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Majority of Brits face issues with rogue property agents

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Written by: Tim Chen
18/01/2018
More than half of Brits who bought, sold or rented a home in the last five years had issues with their estate or letting agents, with the majority neglecting to check if their agent was regulated.

The findings highlight the demand for regulation in the sector. Measures announced include an upcoming letting agent fee ban, plans by Mayor of London Sadiq Khan to name and shame rogue landlords and agents, and further regulation and qualification changes proposed by the Department for Communities and Local Government (DCLG).

Propertymark found that 54% of respondents had faced issues with their agents, with 38% reporting long waiting times before problems with the property are fixed, 20% of respondents struggling to replace old items, and 12% of those surveyed not getting the full deposit back and not given a reason why.

The online survey asked 2,002 UK adults who had bought, sold or rented a property in the last five years about their experience with letting agents, estate agents, and landlords.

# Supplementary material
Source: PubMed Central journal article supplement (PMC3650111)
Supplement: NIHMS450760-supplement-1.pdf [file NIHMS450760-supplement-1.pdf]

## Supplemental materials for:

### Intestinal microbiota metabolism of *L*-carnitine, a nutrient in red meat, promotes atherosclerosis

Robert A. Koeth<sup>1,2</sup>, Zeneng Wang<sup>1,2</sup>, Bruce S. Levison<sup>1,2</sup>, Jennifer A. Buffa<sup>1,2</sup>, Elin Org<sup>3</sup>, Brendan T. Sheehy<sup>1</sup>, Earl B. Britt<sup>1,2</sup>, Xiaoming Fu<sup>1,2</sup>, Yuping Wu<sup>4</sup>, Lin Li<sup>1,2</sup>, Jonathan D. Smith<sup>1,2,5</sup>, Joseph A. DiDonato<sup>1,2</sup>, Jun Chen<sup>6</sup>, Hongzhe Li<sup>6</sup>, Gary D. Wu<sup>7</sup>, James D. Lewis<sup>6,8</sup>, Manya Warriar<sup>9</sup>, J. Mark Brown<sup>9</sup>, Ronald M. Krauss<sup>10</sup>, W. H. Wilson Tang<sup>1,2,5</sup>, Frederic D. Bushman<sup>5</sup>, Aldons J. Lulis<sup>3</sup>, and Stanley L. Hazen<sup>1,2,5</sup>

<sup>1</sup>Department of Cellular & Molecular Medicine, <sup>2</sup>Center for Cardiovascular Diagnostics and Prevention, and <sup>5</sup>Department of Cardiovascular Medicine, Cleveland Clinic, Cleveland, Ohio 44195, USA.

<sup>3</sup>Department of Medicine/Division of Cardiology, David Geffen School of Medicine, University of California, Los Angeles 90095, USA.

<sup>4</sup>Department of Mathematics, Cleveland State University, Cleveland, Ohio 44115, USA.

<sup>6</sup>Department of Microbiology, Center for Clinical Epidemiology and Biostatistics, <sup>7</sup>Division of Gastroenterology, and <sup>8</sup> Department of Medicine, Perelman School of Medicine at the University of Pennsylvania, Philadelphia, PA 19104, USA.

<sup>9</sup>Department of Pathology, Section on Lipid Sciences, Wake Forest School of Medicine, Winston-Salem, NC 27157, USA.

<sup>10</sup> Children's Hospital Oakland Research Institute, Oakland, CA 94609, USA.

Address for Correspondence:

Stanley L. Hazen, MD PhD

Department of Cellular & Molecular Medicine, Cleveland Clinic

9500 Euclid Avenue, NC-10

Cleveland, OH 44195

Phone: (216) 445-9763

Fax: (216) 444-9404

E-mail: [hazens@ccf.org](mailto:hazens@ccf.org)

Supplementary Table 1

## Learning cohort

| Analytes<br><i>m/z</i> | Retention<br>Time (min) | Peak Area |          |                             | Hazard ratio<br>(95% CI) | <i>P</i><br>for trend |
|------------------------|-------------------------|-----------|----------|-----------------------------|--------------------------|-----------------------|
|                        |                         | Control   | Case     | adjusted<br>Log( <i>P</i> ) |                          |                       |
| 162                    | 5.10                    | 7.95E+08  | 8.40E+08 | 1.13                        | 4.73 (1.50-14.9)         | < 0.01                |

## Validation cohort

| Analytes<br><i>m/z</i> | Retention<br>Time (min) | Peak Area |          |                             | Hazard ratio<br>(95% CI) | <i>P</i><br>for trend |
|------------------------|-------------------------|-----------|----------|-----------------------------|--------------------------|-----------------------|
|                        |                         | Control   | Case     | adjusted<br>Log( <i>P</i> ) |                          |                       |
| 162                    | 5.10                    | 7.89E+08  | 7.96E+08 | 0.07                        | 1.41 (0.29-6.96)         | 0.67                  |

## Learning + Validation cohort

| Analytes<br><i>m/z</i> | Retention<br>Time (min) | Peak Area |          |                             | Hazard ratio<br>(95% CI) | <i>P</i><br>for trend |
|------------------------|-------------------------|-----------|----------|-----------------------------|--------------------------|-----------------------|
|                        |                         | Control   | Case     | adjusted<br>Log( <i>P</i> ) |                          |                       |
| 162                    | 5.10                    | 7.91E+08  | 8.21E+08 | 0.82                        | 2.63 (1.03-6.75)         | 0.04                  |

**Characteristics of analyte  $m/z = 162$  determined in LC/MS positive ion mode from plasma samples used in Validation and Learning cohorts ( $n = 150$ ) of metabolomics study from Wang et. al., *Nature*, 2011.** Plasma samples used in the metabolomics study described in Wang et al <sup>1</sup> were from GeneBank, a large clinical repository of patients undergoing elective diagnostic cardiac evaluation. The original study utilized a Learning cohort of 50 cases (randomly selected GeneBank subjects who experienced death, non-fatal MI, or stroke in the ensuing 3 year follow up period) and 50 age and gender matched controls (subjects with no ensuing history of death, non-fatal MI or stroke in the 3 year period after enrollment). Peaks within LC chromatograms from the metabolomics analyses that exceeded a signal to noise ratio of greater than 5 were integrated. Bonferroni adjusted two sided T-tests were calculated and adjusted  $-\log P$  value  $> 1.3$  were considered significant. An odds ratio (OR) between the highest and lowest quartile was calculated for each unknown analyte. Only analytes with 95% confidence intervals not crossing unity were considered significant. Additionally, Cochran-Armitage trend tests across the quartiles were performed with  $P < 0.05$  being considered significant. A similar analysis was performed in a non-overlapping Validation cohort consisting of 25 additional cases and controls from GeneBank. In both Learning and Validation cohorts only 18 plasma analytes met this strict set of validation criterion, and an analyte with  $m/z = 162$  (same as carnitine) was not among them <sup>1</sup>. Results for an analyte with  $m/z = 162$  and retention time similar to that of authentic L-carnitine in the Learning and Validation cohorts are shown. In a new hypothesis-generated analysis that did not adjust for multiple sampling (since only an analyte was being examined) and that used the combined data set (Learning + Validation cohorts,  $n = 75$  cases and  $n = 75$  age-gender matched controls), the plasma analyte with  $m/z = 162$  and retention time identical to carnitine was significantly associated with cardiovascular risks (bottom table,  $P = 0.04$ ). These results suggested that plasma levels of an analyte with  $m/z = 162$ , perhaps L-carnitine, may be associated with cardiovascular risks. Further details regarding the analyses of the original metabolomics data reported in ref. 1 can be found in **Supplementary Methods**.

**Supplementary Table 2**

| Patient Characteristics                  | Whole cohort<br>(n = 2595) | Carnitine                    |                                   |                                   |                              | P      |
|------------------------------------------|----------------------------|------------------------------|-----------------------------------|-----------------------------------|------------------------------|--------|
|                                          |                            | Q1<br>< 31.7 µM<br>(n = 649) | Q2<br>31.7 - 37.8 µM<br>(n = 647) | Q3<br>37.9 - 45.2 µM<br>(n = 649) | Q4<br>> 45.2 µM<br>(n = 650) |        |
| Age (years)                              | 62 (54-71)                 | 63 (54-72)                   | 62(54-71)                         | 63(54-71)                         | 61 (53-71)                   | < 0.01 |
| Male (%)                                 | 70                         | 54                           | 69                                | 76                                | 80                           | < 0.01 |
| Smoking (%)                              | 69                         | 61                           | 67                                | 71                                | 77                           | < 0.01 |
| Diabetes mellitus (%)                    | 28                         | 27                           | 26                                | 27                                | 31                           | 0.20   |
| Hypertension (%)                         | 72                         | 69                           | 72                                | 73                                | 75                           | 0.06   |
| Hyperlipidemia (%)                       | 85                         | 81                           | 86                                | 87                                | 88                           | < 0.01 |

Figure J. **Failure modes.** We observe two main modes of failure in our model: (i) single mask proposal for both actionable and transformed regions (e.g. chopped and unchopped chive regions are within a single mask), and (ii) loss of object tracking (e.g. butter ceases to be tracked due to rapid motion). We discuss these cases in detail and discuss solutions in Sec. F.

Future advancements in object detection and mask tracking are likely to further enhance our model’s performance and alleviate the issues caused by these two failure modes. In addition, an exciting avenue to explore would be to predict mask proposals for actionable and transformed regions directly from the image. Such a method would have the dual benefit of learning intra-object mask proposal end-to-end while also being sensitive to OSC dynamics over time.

A large part of the problem, according to Propertymark, is consumers’ assumption that all estate agents, letting agents and landlords are regulated.

The results showed that 37% of buyers and sellers and 42% of renters did not consider whether their agent was a part of a professional body before progressing with their transaction.

However, the research also showed that more people were checking to see if their agent was regulated compared to 2014 figures. In 2014, 64% of renters and 39% of buyers and sellers went ahead with their transactions without confirmation, against the 42% and 37% of 2017.

‘Important to ask the question’

Mark Hayward, managing director of NAEA Propertymark, said: “The number of buyers, sellers and renters checking to see if their agent is regulated has improved since 2014, but it’s still worrying that so many people assume all agents are members of a professional body, and aren’t considering this when choosing an agent.

“Choosing a property, whether it’s to buy or rent, is a huge financial commitment and can be overwhelming, especially for first-timers.

“We almost always go with the agent attached to a property if we’re buying or renting, but it’s important to at least ask the question,” he added.

Hayward also noted that it is critical for consumers to confirm whether agents are part of professional bodies such as Propertymark before choosing them.

“It means they’re dealing with a professional who has opted for regulation in an unregulated sector, and it will give them peace of mind that their money is protected,” he added.

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